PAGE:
Pope Francis has made a good impression on the world. He came into his role as the pope hoping to emphasize the positive teachings of Jesus and focus on the needs of the poor. Last week, in his annual address to the Vatican diplomatic corps, the pope used a phrase that resonated with truth.
Pope Francis said that abortion was “horrific” and part of a new “throwaway culture.” He said that this culture wastes life as easily as it wastes food. He then said, “It is frightful even to think that there are children, victims of abortion, who will never see the light of day.”
I’m glad that the pope spoke so clearly about the issue of abortion. I think his phrase “throwaway culture” could easily apply to the United States and other parts of the world. God values every life and he never gave us the option to throw away a baby. We can never stop speaking about the value of life, even if the culture has grown tired of listening. There is grace for our sin, but there is judgment for our apathy.
We are used to “disposable” items in this country. We buy and get rid of clothing seasonally. We drive through any number of places to get a meal and then throw away the containers. Our meals are too large so we often throw away what we don’t eat. In fact, a lot of articles suggest we actually leave food on our plate if we want to lose weight.
Pope Francis didn’t just refer to the issue of abortion with his phrase. He also said, “We cannot be indifferent to those suffering from hunger, especially children, when we think of how much food is wasted every day in many parts of the world immersed in what I have often termed the throwaway culture.”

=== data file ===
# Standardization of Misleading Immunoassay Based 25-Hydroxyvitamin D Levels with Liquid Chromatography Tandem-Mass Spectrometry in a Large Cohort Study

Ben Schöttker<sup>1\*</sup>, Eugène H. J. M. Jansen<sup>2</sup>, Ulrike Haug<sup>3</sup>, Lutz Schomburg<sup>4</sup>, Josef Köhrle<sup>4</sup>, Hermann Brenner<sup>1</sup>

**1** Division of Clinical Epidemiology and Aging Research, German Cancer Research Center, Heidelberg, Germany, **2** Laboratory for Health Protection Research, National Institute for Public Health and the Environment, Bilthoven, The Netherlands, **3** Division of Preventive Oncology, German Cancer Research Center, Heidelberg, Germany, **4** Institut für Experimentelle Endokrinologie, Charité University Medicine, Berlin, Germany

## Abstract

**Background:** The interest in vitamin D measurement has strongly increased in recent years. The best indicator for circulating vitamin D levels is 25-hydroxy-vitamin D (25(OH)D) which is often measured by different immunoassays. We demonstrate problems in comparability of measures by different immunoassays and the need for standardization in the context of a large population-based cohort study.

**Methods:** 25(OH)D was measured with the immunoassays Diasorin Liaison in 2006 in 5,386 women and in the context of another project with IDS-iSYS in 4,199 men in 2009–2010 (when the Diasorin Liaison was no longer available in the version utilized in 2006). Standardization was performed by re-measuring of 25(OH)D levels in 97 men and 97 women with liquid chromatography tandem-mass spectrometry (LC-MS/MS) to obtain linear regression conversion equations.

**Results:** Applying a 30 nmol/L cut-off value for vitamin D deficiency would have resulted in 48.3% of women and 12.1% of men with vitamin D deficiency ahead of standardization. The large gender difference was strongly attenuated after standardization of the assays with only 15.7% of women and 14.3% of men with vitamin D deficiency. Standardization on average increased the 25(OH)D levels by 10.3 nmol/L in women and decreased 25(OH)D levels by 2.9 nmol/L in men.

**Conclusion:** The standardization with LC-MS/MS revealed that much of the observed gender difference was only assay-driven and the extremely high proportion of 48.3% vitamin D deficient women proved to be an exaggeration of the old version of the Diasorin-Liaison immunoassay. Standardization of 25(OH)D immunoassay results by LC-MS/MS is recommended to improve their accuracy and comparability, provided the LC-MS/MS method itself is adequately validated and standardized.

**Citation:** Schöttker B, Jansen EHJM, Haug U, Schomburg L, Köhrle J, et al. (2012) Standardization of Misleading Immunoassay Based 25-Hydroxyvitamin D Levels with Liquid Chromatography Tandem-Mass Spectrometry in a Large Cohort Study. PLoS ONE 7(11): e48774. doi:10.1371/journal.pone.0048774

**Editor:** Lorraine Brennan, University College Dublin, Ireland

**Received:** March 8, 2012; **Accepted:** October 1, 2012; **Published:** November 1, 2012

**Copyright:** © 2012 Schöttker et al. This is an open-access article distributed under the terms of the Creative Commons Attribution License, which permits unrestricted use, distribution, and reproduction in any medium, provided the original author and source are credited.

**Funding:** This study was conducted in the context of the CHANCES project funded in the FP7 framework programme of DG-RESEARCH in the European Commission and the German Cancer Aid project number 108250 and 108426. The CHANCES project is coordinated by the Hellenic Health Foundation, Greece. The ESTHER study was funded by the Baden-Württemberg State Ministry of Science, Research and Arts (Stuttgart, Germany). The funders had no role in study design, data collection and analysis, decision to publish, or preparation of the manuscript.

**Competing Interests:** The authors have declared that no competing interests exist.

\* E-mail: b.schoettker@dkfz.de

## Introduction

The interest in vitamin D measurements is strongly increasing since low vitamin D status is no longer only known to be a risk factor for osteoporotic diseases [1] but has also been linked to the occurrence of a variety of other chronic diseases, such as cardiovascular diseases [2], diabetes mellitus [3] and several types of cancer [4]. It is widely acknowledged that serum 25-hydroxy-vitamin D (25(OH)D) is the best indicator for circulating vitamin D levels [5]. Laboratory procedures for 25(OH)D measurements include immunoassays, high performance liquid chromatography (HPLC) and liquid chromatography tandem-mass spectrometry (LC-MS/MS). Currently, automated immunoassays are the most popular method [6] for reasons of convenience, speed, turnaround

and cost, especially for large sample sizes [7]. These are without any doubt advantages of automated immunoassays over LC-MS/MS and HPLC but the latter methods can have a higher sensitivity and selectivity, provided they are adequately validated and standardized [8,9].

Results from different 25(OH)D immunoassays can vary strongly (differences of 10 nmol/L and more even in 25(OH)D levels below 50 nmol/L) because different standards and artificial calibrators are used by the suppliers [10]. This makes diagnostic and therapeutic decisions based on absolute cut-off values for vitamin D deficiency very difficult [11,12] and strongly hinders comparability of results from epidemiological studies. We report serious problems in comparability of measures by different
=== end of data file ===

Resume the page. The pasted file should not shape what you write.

I admit, I cringe to think about the quantity of food that I have thrown away in my lifetime. It is difficult to know how to find a solution for wastefulness. Jim and I share a meal when we eat out at certain restaurants and that has helped us not to waste – but not to feed anyone else.
I think it is possible for every Christian to impact the culture, one choice at a time. Each of us has the ability, and the responsibility to make a difference. We aren’t accountable for the choices of our culture, but we are accountable for what we choose to do.
Proverbs 3:9-10 says, “Honor the Lord with your wealth, with the firstfruits of all your crops; then your barns will be filled to overflowing, and your vats will brim over with new wine.” Each of us can feed people who need help. It might be as easy as a check in the mail to a favorite mission. It might be responding to someone on the street or supporting your local food bank. We can work to be careful with our own possessions and spending so that we have more to give others. All of us can help to feed people who are hungry.
Our lives matter to God. I think God grieves over the people who are going hungry in one part of the world while in another nation, food is tossed in the garbage and rendered unfit to eat. God has provided for all people, but he asks us to share what he has given.
Paul told Timothy, “Command those who are rich in this present world not to be arrogant nor to put their hope in wealth, which is so uncertain, but to put their hope in God, who richly provides us with everything for our enjoyment. Command them to do good, to be rich in good deeds, and to be generous and willing to share. In this way they will lay up treasure for themselves as a firm foundation for the coming age, so that they may take hold of the life that is truly life” (1 Timothy 6:17-19).
By the world’s standards, most of us are “rich in this present world.” How can we choose to live so that we can be wealthy eternally? We live in a throwaway culture – but we know what God values. May we all be “rich in good deeds, generous and willing to share.” What deposits will you make this week into heaven’s treasury through your choices?